This month Dr Diana Rowell, an Honorary Research Fellow at the University of Kent, reveals how Paris and Rome contain a Napoleonic view of the Classical Past. Diana is the author of Paris: The ‘New Rome’ of Napoleon I published by Bloomsbury in 2012. The University of Kent has postgraduate centres in both Paris and Rome
Timeless, chic, romantic, magnificent – these are but a few of the adjectives that spring to mind when attempting to define Paris, a city of many layers that has witnessed untold turmoil over the centuries, but managed somehow both to maintain a unique beauty and an air of magic, and its place as international hub of culture.
Panorama of Paris (The City of Light) from the Tour Montparnasse. Image: Benh Lieu Song via commons.wikimedia.org.
A number of years before crowning himself Emperor in 1804, Napoleon was already dreaming of a day when he would rule France and transform Paris into the most beautiful city imaginable:
“If I were master of France, I would make Paris not only the most beautiful city to exist and the most beautiful city to have existed, but also the most beautiful city that could exist.”
As his visions became increasingly ambitious, so he began to imagine still greater things for the capital of his empire: a beautiful city, yes, but also an unrivalled locus of culture and power that would challenge the best of them, including classical Rome (click here for a virtual tour of the ancient city).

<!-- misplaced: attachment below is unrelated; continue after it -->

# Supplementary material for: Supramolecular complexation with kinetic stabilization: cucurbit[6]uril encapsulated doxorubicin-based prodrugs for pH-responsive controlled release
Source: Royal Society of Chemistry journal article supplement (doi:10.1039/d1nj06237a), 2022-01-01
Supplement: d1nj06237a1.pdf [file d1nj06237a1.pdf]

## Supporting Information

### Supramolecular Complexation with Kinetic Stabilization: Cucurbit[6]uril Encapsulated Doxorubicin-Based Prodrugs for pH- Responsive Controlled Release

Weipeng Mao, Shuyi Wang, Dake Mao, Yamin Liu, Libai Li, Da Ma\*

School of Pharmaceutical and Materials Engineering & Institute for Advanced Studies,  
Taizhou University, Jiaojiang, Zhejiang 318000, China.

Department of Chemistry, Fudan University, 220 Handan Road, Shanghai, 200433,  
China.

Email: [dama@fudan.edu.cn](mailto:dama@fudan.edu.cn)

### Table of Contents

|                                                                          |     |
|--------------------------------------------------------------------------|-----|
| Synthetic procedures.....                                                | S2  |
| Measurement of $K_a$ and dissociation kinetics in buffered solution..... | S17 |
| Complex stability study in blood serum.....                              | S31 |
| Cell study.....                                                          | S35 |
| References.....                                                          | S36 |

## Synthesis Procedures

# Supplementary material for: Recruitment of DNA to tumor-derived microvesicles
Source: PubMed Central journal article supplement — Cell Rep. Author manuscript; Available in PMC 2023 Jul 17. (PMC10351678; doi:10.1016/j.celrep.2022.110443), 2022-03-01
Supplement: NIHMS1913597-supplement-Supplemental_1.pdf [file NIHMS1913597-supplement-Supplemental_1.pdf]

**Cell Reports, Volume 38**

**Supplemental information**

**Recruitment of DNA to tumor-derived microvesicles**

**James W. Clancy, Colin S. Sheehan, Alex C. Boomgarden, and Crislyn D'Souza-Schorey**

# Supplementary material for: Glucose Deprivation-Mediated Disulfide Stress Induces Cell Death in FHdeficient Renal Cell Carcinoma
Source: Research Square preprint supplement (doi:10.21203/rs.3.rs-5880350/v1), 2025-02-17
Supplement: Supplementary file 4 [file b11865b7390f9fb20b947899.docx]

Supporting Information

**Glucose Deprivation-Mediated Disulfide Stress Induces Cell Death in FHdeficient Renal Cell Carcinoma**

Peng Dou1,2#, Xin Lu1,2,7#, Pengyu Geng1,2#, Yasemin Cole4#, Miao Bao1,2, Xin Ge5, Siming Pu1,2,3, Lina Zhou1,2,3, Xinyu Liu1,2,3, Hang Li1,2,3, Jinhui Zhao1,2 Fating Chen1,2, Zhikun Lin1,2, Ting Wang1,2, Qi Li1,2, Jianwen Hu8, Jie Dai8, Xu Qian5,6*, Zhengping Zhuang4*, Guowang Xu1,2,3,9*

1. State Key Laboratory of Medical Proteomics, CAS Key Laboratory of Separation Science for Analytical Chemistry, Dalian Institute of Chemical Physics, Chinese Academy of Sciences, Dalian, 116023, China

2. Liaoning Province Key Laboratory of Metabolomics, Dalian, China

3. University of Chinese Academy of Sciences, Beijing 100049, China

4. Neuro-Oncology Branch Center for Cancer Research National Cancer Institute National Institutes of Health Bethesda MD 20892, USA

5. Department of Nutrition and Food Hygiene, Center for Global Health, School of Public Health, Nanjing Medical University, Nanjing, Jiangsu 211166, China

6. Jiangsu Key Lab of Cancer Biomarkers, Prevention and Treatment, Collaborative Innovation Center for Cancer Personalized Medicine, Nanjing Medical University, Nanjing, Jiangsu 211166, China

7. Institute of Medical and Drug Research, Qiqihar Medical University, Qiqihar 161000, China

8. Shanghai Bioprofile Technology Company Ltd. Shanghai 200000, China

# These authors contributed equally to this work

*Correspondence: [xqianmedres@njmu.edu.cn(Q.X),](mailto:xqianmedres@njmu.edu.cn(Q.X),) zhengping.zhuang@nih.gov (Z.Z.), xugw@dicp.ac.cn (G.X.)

Napoleon was fascinated by antiquity (and the world of the Romans, in particular); and when the ideology of Republican Rome no longer served his purpose, he turned to the Rome of the great emperors, that mighty imperial metropolis that once had ruled the world! Click here (and follow links) for details, and here for a great timeline and more!
Panini, G.P. Roma Antica, c.1757. Oil on canvas. Metropolitan Museum of Art, New York. Image: Google Cultural Institute via commons.wikimedia.org. Note the representation of celebrated structures such as the Arch of Constantine, the Colosseum and Trajan’s Column, as well as famed antiquities, including the Laocoön.
From antiquity, architecture has been employed as a powerful political tool; and an emblem of modernity and change. The monumental landscapes of Republican and Imperial Rome were brimming with structures that were able to convey messages via their visibility, form, function(s), composition, longevity, and their associated imagery, inscriptions and space.
As the epicentre of Rome, the Capitol (Temple of Jupiter) serves as a perfect example and, of course, it was not dissimilar in its fundamental role as such, to its modern namesake in Washington D.C. Like the Romans (and their forebears), we are acutely aware of the force and symbolic appeal of architecture: imagine, for a moment, the recent inaugural ceremony and transferral of power from Obama to Trump, without the eye-catching dome and neoclassical façade of the U.S. Capitol as stage.
U.S. Capitol Building, Washington D.C. Image: Martin Falbisoner via commons.wikimedia.org. Building began in 1793, and since then the U.S. Capitol has been ‘built, burnt, rebuilt, extended and restored’.